by Gemma Files
She is not the author for you if you scares easily or is easily offensed.
Jan 31, 2021
Richard Martin rated it it was amazing
Gemma Files’ latest macabre collection of horror shorts presents us with darkly poetic tales of cursed movies, dream diaries, doppelgangers, family curses, fairies, lost videos, insomniacs, rituals, cosmic cults, deadly secrets, Armageddons and remaking the universe.
This is an incredibly difficult book to review because it is hard to convey effectively what these stories are about, while simultaneously doing them justice without falling into the trap of either over-simplification or over analysing. Neither is it an easy book to read, but it is an endlessly rewarding one.
Anyone who has read Gemma Files horror work before will recognize her incredible talent for maintaining a constant sense of dread and unease throughout all her stories. She deals in themes and subject so cosmically large that there is a real ‘anything goes’ sense, but stories are typically set in an all too familiar down to earth situation. There are the unfathomably powerful and evil forces at work in ‘The Puppet Motel’, living in a Toronto based Airbnb, or the existential terror of ‘Venio’ where a student writing exercise unleashes an unstoppable and inexplicable darkness upon their normal, everyday existence. Each story is grounded in a familiar reality before Files introduces inconceivably high, Lovecraftian-esque stakes with a level of creativity so uniquely her own that you would be hard pushed to find any other horror author writing today so adept at getting to the core at what really frightens people.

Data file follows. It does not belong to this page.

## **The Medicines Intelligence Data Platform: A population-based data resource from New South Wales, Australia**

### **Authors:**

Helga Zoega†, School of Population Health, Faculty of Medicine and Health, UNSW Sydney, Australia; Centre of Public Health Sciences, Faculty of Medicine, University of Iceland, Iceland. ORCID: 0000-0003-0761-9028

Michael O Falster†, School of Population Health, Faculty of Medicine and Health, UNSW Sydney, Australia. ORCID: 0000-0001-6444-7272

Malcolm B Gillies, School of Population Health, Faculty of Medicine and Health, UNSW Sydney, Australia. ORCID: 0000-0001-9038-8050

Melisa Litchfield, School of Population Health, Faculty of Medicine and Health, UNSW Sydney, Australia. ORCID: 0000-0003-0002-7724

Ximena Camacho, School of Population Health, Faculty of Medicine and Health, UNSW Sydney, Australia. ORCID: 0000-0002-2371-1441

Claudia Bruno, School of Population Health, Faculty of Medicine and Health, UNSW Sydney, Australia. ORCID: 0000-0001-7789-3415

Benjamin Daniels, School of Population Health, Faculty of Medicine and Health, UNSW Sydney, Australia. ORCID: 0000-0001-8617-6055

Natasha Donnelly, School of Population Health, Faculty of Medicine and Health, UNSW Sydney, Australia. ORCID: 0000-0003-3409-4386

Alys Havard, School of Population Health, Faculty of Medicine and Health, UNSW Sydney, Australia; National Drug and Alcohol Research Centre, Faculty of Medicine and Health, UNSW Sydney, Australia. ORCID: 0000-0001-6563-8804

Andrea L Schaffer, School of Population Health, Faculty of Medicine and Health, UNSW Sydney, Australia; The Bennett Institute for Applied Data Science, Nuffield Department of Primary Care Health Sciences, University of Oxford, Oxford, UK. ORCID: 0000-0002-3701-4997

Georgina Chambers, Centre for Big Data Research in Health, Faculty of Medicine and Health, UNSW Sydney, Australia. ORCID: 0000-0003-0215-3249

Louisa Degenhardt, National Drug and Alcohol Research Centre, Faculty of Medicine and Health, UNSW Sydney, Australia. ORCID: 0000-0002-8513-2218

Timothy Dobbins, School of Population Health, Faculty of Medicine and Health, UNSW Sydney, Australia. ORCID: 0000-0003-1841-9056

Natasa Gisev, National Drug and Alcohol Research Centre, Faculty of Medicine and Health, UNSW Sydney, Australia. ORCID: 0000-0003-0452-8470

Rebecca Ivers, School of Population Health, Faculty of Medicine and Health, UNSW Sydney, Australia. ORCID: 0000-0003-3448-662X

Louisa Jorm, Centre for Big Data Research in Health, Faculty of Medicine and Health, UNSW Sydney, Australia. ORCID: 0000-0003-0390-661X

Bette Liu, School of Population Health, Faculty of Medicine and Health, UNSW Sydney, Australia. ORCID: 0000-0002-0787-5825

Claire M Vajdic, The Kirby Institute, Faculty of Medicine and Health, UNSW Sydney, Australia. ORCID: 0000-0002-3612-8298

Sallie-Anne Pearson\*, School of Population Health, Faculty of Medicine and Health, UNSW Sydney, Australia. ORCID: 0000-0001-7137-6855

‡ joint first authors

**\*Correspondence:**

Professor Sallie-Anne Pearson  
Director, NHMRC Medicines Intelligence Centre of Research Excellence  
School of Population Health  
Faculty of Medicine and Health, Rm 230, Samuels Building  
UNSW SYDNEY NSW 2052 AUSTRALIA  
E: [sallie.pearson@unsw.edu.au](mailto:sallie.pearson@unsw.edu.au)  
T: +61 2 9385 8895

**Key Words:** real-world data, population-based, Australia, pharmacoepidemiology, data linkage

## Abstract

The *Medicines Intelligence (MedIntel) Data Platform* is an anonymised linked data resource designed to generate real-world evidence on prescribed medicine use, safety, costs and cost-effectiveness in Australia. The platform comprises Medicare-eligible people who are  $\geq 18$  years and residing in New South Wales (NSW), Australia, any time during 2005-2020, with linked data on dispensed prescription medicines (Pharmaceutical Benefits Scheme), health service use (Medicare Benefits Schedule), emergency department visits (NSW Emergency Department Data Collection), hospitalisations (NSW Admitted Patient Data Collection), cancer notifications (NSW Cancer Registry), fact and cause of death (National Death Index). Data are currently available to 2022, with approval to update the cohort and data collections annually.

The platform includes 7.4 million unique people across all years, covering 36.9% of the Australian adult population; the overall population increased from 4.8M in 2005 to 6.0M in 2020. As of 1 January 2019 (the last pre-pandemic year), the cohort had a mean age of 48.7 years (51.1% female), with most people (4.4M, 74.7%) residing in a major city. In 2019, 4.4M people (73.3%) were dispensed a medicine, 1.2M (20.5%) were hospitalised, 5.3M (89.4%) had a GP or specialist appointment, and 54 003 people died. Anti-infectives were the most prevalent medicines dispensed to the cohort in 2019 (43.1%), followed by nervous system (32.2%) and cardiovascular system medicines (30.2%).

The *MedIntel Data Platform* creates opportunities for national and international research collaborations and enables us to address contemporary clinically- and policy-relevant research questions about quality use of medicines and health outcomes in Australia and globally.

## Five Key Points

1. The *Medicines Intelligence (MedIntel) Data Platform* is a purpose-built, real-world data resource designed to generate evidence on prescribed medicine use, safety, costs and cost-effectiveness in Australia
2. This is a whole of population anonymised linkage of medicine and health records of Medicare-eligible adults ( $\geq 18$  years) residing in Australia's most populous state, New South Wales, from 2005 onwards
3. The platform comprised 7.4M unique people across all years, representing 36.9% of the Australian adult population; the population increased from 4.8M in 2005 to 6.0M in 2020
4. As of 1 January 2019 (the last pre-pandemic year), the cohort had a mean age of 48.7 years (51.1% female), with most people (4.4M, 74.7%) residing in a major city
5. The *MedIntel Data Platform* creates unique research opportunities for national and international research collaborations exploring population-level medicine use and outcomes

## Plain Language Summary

Some stories are incredibly rich and dense, rewarding those willing to pore over every detail, while some are more straight-forward and accessible, taking the form of a radio interview (‘Bulb’) or fairy-tale inspired monologue (‘Cuckoo’). There are moments of extreme violence (the opening tale, ‘This is How it Goes’ has some truly horrifying imagery), the oddly surreal (‘Come Closer’) and the dream-like (‘Sleep Hygiene’). A lot of these stories genuinely terrified me (reading ‘Cut Scene’ just before bed was a huge mistake) and some are so laden with existential dread (‘Worm Moon’, ‘Distant Dark Places’) that I needed to put the book down and pick up something different before pressing on.
While there is a lot of variety, ‘In That Endlessness, Our End’ feels like a very cohesive collection. There are a lot of shared themes, to the point where a lot of the shorts feel very interconnected and, sometimes even a retelling of the same event from a different perspective. I found it to be an incredibly difficult book to put down for long, constantly telling myself ‘just one more’ until the final page.
‘In That Endlessness, Our End’ is a book that defies categorization, but what it undoubtedly is, is a book that will challenge you as it switches so deftly between so many conflicting themes and feelings. It is an incredible collection; one that reminded me just what I love so much about horror fiction and one I cannot recommend highly enough.